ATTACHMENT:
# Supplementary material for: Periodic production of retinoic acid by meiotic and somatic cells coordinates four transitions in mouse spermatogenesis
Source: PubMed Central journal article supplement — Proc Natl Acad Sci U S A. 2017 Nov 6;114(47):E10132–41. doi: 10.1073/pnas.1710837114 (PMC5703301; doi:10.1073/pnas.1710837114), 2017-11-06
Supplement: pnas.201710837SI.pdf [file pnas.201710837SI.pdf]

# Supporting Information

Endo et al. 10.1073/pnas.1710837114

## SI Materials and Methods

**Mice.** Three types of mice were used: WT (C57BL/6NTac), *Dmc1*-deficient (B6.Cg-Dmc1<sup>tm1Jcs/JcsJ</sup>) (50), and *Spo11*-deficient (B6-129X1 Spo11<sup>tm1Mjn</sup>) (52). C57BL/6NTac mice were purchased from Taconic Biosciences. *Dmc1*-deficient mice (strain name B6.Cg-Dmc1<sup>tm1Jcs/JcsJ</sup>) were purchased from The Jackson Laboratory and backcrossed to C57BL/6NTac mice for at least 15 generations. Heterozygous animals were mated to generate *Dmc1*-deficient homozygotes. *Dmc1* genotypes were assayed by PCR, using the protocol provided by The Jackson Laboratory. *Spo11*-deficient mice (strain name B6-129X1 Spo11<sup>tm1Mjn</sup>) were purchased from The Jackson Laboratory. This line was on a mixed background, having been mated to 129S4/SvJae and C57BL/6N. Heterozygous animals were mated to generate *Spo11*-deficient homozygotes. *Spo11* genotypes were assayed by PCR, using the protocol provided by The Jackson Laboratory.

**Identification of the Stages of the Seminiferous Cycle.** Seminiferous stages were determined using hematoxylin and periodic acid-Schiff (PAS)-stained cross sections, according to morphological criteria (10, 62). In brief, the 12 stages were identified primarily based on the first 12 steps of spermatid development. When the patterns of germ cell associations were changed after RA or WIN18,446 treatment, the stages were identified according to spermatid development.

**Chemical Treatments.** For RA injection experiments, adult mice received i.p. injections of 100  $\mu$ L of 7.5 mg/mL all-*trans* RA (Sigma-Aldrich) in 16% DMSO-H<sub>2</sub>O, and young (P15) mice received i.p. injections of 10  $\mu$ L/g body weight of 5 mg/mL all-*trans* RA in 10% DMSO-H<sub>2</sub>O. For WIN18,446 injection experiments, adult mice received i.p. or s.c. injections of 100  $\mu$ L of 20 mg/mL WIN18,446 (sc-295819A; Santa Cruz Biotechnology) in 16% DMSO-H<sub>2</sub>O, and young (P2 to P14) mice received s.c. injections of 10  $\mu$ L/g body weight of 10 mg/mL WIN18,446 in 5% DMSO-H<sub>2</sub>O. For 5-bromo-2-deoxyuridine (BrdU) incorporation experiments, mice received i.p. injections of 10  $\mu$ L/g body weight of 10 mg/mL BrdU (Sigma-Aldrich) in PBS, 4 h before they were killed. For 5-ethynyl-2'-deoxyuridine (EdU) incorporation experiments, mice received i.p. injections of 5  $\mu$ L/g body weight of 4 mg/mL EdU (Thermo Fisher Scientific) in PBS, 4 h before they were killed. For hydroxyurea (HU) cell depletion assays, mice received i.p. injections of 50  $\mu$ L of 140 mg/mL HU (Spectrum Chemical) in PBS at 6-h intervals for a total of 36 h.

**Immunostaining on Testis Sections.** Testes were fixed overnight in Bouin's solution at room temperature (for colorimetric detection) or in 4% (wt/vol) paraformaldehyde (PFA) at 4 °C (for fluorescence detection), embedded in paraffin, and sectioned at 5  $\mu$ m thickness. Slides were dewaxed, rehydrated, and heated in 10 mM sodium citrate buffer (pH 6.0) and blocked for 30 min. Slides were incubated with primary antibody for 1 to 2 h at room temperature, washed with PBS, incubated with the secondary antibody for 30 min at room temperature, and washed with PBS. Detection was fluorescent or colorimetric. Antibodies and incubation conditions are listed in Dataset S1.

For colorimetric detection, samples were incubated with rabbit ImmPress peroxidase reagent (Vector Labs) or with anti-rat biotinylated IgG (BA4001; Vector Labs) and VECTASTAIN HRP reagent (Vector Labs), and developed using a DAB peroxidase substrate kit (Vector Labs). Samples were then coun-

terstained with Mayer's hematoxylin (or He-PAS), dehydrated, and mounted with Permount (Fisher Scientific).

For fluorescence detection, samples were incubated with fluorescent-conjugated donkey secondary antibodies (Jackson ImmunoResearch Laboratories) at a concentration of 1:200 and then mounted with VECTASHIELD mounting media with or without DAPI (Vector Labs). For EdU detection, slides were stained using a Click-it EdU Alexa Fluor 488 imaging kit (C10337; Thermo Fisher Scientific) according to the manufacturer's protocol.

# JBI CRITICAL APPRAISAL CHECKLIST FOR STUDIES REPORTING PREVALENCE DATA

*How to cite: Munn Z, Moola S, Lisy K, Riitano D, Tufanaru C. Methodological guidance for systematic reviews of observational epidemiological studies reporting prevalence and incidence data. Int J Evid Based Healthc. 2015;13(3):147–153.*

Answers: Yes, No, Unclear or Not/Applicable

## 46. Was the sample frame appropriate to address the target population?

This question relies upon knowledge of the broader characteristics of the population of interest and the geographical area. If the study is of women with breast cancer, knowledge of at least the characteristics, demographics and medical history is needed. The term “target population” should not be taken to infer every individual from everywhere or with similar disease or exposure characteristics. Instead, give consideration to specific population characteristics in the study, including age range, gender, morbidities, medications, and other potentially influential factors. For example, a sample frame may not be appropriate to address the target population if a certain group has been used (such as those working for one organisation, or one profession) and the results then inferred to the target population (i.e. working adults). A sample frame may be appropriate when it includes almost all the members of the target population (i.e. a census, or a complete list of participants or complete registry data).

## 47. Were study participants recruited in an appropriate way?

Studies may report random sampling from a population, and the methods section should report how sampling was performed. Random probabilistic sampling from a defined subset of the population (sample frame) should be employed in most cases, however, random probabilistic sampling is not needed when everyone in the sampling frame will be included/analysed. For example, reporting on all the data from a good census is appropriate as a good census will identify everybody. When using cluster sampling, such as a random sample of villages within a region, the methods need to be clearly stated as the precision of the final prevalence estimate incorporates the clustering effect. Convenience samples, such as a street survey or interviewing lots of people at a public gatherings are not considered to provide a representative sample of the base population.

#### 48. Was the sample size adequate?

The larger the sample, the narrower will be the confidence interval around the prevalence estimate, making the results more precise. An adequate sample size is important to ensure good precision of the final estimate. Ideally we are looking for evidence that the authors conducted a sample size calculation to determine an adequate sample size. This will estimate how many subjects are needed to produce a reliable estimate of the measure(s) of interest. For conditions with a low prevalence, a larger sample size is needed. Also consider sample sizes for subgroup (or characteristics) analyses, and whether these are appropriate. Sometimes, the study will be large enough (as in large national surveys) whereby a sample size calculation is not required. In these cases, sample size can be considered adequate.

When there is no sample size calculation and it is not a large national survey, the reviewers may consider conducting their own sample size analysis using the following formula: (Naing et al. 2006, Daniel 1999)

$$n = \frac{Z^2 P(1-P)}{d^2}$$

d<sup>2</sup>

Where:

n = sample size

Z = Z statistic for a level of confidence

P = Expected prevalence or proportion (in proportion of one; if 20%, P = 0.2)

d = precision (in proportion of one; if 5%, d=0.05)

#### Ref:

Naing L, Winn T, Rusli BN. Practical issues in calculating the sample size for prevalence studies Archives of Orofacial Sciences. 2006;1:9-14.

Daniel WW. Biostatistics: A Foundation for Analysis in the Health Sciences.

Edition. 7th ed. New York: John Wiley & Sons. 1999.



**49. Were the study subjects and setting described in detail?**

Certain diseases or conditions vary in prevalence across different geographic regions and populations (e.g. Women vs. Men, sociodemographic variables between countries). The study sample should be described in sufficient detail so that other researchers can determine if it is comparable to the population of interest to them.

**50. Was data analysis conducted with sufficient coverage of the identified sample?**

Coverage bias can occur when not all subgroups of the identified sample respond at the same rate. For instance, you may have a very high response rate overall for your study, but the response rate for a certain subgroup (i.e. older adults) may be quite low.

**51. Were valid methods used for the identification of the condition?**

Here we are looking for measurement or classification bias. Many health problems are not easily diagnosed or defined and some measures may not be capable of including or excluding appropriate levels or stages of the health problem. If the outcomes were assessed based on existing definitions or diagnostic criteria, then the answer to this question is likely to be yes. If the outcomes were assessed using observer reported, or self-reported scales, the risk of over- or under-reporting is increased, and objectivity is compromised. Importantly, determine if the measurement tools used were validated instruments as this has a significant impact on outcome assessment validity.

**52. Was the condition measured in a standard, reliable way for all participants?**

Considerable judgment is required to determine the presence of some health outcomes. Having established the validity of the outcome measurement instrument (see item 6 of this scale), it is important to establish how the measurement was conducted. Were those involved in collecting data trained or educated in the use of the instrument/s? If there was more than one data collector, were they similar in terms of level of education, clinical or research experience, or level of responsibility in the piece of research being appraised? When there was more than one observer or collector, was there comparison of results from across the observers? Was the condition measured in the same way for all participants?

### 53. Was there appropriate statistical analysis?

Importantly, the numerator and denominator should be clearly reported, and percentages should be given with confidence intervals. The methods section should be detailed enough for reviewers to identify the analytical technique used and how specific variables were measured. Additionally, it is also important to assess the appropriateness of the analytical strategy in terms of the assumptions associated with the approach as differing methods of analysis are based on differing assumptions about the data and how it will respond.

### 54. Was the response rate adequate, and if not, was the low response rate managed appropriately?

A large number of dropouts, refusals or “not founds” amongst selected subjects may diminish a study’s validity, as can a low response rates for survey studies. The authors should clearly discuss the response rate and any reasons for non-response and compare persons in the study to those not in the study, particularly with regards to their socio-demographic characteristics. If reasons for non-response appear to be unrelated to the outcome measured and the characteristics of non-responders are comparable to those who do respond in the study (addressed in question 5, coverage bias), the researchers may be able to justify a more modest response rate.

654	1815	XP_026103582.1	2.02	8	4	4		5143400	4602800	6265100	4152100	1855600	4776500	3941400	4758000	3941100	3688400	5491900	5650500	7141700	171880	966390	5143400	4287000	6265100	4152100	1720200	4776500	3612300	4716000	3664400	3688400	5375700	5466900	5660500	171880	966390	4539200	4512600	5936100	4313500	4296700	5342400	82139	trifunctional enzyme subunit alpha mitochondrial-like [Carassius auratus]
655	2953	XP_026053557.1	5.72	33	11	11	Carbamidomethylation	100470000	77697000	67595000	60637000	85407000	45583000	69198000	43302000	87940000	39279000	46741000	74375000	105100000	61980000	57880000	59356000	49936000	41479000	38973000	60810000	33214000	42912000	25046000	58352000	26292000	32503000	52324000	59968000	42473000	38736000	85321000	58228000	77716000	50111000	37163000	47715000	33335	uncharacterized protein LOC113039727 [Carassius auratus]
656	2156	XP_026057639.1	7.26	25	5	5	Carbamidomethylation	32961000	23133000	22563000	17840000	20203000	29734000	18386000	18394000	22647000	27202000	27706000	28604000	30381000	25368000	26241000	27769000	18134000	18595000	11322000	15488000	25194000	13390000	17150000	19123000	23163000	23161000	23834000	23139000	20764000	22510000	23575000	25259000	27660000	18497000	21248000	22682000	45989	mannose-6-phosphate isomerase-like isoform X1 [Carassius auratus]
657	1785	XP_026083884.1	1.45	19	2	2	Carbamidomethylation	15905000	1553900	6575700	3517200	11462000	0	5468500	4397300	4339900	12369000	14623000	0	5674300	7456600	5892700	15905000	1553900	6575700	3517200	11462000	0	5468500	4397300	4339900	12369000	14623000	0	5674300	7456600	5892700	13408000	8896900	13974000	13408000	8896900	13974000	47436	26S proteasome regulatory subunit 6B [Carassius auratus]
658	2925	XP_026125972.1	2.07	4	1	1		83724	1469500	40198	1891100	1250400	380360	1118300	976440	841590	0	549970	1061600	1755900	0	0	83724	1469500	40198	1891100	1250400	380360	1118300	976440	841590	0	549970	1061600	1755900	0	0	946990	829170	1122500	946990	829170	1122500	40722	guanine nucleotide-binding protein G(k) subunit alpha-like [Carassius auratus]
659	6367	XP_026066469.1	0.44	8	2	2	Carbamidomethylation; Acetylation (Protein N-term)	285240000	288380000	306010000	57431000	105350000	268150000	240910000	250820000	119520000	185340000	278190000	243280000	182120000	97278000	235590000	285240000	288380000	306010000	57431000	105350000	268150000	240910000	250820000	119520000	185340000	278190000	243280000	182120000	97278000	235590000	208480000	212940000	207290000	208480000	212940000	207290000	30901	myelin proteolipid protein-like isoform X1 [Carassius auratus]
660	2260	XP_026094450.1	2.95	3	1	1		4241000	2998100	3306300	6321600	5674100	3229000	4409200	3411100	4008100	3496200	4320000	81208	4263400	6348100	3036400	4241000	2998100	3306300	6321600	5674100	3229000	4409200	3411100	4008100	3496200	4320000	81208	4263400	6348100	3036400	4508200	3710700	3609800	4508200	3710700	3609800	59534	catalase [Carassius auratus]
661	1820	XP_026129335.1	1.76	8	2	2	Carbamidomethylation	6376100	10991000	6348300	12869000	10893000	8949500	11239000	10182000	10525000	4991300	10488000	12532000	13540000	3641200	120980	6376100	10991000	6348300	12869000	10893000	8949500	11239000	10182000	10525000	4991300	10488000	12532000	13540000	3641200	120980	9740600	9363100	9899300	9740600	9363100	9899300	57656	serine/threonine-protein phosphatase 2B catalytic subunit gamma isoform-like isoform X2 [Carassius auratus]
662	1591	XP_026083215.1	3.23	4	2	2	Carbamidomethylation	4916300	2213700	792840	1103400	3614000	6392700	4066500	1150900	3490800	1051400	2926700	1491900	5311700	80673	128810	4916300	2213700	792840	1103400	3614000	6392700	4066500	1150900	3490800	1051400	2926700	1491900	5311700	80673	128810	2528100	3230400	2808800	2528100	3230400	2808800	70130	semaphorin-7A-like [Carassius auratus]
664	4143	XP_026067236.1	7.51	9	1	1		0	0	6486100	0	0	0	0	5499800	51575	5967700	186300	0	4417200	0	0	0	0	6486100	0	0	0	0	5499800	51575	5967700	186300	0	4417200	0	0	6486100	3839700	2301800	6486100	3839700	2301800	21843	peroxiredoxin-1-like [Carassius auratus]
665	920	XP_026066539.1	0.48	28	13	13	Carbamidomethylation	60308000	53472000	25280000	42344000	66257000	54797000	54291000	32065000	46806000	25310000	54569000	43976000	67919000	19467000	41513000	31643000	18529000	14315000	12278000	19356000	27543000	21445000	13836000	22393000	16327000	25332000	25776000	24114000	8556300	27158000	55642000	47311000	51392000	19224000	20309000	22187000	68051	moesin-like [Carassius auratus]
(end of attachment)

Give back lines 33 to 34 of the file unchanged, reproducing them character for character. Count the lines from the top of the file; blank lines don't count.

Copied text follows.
Daniel WW. Biostatistics: A Foundation for Analysis in the Health Sciences.

Edition. 7th ed. New York: John Wiley & Sons. 1999.